Boundaries make good neighbors and relationships
| July 27, 2013
In Book Scoop
Over the years, I've read my fair share of "self-help" books. But this book is changing my life. Really. I have recommended it to just about everyone I know and wanted to share it with you, my dear readers, too.
If you feel like life is going faster than you are, please read: Boundaries: When to say yes, How to say no to take control of your life.
I was telling my friend Elaine about all I was learning (and being reminded of) by reading Boundaries. One day I commented, "I never knew I had problems with boundaries." To which she replied, "That's because you didn't have any!"
Sometimes the truth hurts a little. I think I had boundaries, but they weren't always in the right place. Or some were enough to guard Fort Knox and others were as open as a field. Now there's a time I would have sworn being "open as a field" was the way I loved and it was right and good and true. But what I have learned is that boundaries - healthy, realistic boundaries- protect real love. And protect me.
A fence around a yard is probably the best example of a healthy boundary there is. Living in a small historic downtown area, the yards are small and pedestrian sidewalks line each street. The road itself is often narrow. So I understand in a very pracitical way how important boundairies are. The same goes for interpersonal relationships. The tighter the quarters the more important boundaires become.
Cloud and Townsend are smart, for sure, but what they preach is not rocket science. It's based on century old truths and human nature. And some of it goes back to what I taught my children, but somewhere along the way forgot to apply to my own life:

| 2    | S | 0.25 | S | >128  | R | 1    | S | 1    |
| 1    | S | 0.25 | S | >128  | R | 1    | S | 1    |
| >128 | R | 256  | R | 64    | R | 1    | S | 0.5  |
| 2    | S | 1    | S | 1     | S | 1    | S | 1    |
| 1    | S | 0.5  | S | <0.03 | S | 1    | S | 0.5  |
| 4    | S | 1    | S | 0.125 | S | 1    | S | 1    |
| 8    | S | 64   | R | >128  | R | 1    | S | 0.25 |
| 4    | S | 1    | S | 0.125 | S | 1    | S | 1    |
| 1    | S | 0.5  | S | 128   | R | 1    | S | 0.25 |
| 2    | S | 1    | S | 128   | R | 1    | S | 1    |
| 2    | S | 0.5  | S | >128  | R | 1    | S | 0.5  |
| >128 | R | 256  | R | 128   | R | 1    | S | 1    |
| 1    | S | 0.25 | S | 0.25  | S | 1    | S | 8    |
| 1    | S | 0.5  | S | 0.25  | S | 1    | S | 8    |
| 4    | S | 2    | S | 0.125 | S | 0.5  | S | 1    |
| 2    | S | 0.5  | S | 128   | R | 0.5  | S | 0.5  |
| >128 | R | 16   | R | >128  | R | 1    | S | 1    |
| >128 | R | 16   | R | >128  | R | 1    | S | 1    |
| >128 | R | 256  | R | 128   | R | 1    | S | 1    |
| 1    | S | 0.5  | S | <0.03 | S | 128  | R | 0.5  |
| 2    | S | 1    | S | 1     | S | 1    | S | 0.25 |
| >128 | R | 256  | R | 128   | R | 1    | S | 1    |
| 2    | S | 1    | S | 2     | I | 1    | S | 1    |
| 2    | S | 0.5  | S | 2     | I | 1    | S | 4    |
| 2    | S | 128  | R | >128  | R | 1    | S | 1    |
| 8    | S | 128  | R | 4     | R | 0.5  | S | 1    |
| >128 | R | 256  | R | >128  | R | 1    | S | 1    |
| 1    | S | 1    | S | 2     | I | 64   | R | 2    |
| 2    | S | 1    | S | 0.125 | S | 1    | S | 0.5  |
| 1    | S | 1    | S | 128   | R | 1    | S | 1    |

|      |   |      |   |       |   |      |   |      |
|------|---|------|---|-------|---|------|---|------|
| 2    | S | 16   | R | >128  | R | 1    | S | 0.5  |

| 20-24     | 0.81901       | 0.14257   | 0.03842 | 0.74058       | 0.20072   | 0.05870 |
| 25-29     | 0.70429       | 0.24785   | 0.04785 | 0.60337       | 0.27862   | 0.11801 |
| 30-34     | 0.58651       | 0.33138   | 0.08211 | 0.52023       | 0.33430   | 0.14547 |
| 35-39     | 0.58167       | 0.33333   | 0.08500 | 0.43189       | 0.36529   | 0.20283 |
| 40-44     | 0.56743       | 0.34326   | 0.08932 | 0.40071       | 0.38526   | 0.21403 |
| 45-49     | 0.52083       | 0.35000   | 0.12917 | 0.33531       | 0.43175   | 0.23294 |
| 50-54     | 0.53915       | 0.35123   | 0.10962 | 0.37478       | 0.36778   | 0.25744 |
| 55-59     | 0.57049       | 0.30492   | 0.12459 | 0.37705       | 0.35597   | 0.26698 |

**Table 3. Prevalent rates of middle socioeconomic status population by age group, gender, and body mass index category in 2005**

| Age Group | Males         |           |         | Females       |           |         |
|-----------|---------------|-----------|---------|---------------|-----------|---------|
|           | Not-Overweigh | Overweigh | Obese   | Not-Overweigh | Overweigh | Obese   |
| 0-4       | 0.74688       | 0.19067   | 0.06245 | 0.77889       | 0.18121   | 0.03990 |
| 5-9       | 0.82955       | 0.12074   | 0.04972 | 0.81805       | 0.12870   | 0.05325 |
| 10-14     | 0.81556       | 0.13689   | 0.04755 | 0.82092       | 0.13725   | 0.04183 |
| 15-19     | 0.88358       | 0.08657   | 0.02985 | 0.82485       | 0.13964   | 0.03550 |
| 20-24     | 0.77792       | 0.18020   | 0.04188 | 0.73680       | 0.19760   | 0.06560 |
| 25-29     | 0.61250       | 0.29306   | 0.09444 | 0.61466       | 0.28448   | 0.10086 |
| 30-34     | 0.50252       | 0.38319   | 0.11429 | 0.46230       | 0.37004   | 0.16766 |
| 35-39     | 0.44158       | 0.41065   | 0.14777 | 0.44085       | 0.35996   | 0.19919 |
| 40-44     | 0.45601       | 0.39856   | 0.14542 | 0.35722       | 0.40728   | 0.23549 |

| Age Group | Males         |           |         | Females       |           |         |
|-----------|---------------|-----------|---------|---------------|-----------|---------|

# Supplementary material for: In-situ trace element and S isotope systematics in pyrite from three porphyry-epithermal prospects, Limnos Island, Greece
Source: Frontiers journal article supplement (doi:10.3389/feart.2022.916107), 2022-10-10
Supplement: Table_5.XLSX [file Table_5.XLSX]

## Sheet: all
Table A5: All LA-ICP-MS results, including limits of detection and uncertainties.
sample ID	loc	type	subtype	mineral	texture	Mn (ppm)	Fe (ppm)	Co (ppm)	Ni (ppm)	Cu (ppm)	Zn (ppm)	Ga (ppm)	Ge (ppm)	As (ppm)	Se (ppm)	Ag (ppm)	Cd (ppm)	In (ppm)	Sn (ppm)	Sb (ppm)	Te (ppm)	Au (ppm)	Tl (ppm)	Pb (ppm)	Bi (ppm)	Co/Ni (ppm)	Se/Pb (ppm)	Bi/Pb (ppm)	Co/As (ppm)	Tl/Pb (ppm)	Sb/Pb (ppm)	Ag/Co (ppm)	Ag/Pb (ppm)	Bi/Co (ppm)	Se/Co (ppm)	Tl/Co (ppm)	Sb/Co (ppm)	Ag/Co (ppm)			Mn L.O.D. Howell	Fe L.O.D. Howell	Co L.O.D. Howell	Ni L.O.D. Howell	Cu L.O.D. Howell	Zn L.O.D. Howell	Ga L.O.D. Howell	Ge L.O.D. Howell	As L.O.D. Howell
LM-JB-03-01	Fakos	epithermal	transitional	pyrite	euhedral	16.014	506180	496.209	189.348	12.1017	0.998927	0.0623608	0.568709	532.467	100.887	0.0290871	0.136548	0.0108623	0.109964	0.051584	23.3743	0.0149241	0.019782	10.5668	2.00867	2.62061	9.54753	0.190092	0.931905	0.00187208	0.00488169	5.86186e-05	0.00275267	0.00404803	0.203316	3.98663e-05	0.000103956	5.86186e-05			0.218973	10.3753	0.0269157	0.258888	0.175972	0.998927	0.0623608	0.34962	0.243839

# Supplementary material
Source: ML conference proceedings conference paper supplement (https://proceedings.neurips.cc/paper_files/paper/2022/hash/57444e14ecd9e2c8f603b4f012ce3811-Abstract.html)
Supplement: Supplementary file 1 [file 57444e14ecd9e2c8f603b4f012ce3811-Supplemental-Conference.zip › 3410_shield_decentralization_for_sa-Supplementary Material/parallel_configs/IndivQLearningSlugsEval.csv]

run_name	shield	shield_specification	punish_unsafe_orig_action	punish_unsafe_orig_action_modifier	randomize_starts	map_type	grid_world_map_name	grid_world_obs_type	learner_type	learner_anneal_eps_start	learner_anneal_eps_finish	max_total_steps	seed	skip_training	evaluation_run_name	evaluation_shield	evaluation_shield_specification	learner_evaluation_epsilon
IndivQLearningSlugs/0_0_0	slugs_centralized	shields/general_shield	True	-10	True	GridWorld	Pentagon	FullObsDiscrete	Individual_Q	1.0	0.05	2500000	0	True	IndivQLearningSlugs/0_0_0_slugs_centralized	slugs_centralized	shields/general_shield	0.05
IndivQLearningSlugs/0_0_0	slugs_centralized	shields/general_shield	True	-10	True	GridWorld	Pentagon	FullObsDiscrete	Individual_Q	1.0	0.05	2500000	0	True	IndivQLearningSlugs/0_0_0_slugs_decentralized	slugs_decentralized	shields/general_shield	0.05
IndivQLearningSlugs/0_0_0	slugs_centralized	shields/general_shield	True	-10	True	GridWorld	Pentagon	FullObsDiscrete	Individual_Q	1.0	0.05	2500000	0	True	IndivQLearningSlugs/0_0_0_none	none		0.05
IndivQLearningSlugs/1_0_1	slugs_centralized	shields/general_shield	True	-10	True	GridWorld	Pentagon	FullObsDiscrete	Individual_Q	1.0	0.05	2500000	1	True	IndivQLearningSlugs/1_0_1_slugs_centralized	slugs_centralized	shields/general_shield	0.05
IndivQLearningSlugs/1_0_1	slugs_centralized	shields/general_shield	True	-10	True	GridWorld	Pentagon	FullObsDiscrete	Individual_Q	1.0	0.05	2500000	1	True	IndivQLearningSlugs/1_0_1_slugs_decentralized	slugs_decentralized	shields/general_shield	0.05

"This is where I stop and you begin."
"While I can feel sympathetic and or empathetic to your plight/problem/ heartache, if I'm not part of the problem or the solution, then I need to stay out of it."
and my favorite wisdom to tell them - "You've got to carry your own backpack."
While I usually meant that last one literally, it is figuratively the same truth. Everyone has to carry their own personal stuff. When we don't, resentment, hurt, brokenness, pain, heartache, it all starts polluting our stuff. Boundaries disappear or walls are built. Either one can be disastrous. If your backpack of stuff is too heavy, then only you can lighten it and decide what to keep and what to unload.
Do you know when to say yes and how to say no? I'm learning!
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